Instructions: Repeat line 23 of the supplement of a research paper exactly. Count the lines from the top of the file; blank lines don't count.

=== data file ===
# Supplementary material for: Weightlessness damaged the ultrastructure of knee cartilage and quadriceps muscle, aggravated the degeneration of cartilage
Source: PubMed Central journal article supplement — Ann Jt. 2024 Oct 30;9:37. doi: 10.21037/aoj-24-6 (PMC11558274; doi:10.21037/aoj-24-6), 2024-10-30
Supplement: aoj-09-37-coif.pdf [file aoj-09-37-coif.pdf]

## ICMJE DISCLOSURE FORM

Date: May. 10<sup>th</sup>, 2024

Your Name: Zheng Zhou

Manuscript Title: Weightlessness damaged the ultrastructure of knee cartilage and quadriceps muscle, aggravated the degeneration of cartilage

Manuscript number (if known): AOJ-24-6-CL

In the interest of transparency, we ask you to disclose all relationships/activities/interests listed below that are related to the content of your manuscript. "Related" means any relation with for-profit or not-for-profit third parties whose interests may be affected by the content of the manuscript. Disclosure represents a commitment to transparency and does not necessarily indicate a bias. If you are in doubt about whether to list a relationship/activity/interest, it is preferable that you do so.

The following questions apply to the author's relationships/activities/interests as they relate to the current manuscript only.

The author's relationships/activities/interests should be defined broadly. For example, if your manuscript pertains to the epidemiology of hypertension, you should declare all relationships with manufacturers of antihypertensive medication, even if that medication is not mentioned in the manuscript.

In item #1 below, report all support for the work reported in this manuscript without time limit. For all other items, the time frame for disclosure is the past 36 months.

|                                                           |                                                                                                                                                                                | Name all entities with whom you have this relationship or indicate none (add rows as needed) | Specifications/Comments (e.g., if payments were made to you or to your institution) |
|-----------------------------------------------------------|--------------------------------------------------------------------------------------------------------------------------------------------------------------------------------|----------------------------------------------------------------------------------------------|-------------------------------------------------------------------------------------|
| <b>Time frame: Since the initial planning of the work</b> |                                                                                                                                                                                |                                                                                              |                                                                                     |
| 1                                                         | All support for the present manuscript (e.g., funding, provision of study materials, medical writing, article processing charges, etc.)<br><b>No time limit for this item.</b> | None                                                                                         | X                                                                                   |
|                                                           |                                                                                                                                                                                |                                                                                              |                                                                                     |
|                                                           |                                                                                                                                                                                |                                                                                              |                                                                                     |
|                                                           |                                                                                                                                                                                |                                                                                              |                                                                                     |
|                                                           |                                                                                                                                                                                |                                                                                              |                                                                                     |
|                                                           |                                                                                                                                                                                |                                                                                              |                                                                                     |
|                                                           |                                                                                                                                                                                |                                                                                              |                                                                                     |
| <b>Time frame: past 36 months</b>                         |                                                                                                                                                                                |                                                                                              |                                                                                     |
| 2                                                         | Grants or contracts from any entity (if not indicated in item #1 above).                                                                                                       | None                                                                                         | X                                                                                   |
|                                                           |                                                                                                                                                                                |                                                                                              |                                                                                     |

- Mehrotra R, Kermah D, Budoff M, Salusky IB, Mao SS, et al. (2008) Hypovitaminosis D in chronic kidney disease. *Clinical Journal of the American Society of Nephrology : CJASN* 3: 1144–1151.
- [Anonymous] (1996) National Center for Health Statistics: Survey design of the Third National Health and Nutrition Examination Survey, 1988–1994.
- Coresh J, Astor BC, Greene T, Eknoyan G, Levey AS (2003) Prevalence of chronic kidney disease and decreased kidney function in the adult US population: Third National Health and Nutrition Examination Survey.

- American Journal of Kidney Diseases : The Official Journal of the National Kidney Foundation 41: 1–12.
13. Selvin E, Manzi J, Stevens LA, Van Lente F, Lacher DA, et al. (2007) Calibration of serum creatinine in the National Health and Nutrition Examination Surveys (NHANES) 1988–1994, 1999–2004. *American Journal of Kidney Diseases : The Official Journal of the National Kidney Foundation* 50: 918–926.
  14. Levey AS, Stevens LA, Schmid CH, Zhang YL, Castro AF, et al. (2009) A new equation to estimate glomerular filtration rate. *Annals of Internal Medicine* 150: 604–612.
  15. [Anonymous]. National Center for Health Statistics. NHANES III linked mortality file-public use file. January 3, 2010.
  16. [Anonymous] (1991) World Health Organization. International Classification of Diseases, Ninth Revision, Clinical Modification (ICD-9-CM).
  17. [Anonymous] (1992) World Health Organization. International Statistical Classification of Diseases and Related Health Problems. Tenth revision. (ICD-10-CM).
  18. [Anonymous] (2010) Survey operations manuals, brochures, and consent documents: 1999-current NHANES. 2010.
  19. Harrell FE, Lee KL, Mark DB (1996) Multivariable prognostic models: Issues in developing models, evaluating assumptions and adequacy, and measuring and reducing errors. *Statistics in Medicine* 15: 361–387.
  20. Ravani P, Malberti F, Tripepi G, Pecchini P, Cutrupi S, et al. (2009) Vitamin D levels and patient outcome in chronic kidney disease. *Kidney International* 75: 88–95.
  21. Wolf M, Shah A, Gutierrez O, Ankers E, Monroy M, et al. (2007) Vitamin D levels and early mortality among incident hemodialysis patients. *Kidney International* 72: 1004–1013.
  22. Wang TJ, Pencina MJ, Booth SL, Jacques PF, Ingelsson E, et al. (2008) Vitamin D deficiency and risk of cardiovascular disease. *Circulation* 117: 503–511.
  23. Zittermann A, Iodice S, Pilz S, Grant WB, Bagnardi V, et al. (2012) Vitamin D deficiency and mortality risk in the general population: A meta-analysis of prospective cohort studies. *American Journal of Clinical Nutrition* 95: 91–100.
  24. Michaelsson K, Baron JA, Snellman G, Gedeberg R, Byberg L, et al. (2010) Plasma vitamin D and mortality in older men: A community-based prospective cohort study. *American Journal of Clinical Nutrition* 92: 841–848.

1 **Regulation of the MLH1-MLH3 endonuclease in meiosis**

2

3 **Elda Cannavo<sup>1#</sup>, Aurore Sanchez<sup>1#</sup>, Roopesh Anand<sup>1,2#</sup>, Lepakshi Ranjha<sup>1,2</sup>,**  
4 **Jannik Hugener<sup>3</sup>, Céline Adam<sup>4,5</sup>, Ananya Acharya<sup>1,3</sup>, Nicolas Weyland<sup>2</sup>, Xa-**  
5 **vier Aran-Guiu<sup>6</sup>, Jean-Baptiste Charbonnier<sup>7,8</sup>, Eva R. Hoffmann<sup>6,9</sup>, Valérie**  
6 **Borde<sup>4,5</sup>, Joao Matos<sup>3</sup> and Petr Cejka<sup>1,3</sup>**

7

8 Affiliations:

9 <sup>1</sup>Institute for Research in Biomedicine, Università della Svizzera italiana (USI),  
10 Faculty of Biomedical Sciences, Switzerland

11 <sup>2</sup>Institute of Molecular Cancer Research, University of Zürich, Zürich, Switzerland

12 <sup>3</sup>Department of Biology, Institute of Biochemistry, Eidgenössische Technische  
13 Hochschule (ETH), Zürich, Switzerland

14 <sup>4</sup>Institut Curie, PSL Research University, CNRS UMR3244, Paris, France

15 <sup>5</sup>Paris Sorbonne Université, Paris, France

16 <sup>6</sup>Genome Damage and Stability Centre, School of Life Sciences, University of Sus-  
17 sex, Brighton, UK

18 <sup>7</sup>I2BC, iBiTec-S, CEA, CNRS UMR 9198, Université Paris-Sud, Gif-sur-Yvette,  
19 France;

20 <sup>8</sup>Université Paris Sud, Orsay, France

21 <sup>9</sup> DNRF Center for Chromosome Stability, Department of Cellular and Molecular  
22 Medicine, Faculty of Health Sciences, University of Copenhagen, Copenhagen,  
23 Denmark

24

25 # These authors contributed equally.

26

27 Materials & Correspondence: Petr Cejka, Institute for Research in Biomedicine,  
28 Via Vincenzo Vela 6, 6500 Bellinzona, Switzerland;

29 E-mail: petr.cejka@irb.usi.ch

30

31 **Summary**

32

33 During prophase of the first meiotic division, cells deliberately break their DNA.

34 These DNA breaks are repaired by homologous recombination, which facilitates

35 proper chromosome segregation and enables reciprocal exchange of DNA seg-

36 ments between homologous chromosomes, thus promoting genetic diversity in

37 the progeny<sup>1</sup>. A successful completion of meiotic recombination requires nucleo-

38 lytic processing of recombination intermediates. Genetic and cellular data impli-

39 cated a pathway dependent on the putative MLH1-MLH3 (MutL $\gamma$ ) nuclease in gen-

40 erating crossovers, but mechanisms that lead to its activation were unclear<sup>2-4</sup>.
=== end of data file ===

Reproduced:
| <b>Time frame: past 36 months</b>                         |                                                                                                                                                                                |                                                                                              |                                                                                     |